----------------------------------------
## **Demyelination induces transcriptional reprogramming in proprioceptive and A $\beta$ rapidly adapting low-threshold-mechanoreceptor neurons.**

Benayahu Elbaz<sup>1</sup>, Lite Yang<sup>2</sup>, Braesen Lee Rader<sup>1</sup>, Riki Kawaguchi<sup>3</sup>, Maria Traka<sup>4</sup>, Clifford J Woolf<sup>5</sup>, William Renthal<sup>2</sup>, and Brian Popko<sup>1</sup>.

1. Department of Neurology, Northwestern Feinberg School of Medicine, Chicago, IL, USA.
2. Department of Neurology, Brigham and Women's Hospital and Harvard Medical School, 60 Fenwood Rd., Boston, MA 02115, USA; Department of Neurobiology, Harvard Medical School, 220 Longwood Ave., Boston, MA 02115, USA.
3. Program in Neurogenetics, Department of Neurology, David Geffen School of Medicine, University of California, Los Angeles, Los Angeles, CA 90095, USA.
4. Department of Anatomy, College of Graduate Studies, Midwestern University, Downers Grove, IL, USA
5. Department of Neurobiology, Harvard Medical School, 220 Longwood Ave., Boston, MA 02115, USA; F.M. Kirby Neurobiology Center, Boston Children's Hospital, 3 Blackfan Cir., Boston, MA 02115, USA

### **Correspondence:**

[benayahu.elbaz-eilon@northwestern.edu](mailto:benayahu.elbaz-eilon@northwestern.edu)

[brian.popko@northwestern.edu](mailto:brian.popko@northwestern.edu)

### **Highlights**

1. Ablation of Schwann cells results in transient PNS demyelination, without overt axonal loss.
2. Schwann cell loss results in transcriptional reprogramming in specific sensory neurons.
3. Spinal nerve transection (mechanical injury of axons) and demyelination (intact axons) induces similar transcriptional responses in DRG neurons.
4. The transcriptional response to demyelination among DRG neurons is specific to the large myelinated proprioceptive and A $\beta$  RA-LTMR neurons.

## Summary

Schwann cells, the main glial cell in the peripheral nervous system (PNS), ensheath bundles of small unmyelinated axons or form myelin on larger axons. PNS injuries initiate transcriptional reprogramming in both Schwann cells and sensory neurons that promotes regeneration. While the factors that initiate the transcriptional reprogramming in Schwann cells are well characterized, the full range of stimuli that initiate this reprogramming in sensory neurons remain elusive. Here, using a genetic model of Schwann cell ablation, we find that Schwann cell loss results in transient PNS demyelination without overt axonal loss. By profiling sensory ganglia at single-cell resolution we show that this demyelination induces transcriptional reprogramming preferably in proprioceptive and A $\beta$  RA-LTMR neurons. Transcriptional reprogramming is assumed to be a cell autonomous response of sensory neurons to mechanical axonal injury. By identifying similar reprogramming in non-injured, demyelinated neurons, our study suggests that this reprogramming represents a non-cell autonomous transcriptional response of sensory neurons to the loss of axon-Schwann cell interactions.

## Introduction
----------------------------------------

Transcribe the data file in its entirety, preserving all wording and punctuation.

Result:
## **Demyelination induces transcriptional reprogramming in proprioceptive and A $\beta$ rapidly adapting low-threshold-mechanoreceptor neurons.**

Benayahu Elbaz<sup>1</sup>, Lite Yang<sup>2</sup>, Braesen Lee Rader<sup>1</sup>, Riki Kawaguchi<sup>3</sup>, Maria Traka<sup>4</sup>, Clifford J Woolf<sup>5</sup>, William Renthal<sup>2</sup>, and Brian Popko<sup>1</sup>.

1. Department of Neurology, Northwestern Feinberg School of Medicine, Chicago, IL, USA.
2. Department of Neurology, Brigham and Women's Hospital and Harvard Medical School, 60 Fenwood Rd., Boston, MA 02115, USA; Department of Neurobiology, Harvard Medical School, 220 Longwood Ave., Boston, MA 02115, USA.
3. Program in Neurogenetics, Department of Neurology, David Geffen School of Medicine, University of California, Los Angeles, Los Angeles, CA 90095, USA.
4. Department of Anatomy, College of Graduate Studies, Midwestern University, Downers Grove, IL, USA
5. Department of Neurobiology, Harvard Medical School, 220 Longwood Ave., Boston, MA 02115, USA; F.M. Kirby Neurobiology Center, Boston Children's Hospital, 3 Blackfan Cir., Boston, MA 02115, USA

### **Correspondence:**

[benayahu.elbaz-eilon@northwestern.edu](mailto:benayahu.elbaz-eilon@northwestern.edu)

[brian.popko@northwestern.edu](mailto:brian.popko@northwestern.edu)

### **Highlights**

1. Ablation of Schwann cells results in transient PNS demyelination, without overt axonal loss.
2. Schwann cell loss results in transcriptional reprogramming in specific sensory neurons.
3. Spinal nerve transection (mechanical injury of axons) and demyelination (intact axons) induces similar transcriptional responses in DRG neurons.
4. The transcriptional response to demyelination among DRG neurons is specific to the large myelinated proprioceptive and A $\beta$  RA-LTMR neurons.

## Summary

Schwann cells, the main glial cell in the peripheral nervous system (PNS), ensheath bundles of small unmyelinated axons or form myelin on larger axons. PNS injuries initiate transcriptional reprogramming in both Schwann cells and sensory neurons that promotes regeneration. While the factors that initiate the transcriptional reprogramming in Schwann cells are well characterized, the full range of stimuli that initiate this reprogramming in sensory neurons remain elusive. Here, using a genetic model of Schwann cell ablation, we find that Schwann cell loss results in transient PNS demyelination without overt axonal loss. By profiling sensory ganglia at single-cell resolution we show that this demyelination induces transcriptional reprogramming preferably in proprioceptive and A $\beta$  RA-LTMR neurons. Transcriptional reprogramming is assumed to be a cell autonomous response of sensory neurons to mechanical axonal injury. By identifying similar reprogramming in non-injured, demyelinated neurons, our study suggests that this reprogramming represents a non-cell autonomous transcriptional response of sensory neurons to the loss of axon-Schwann cell interactions.

## Introduction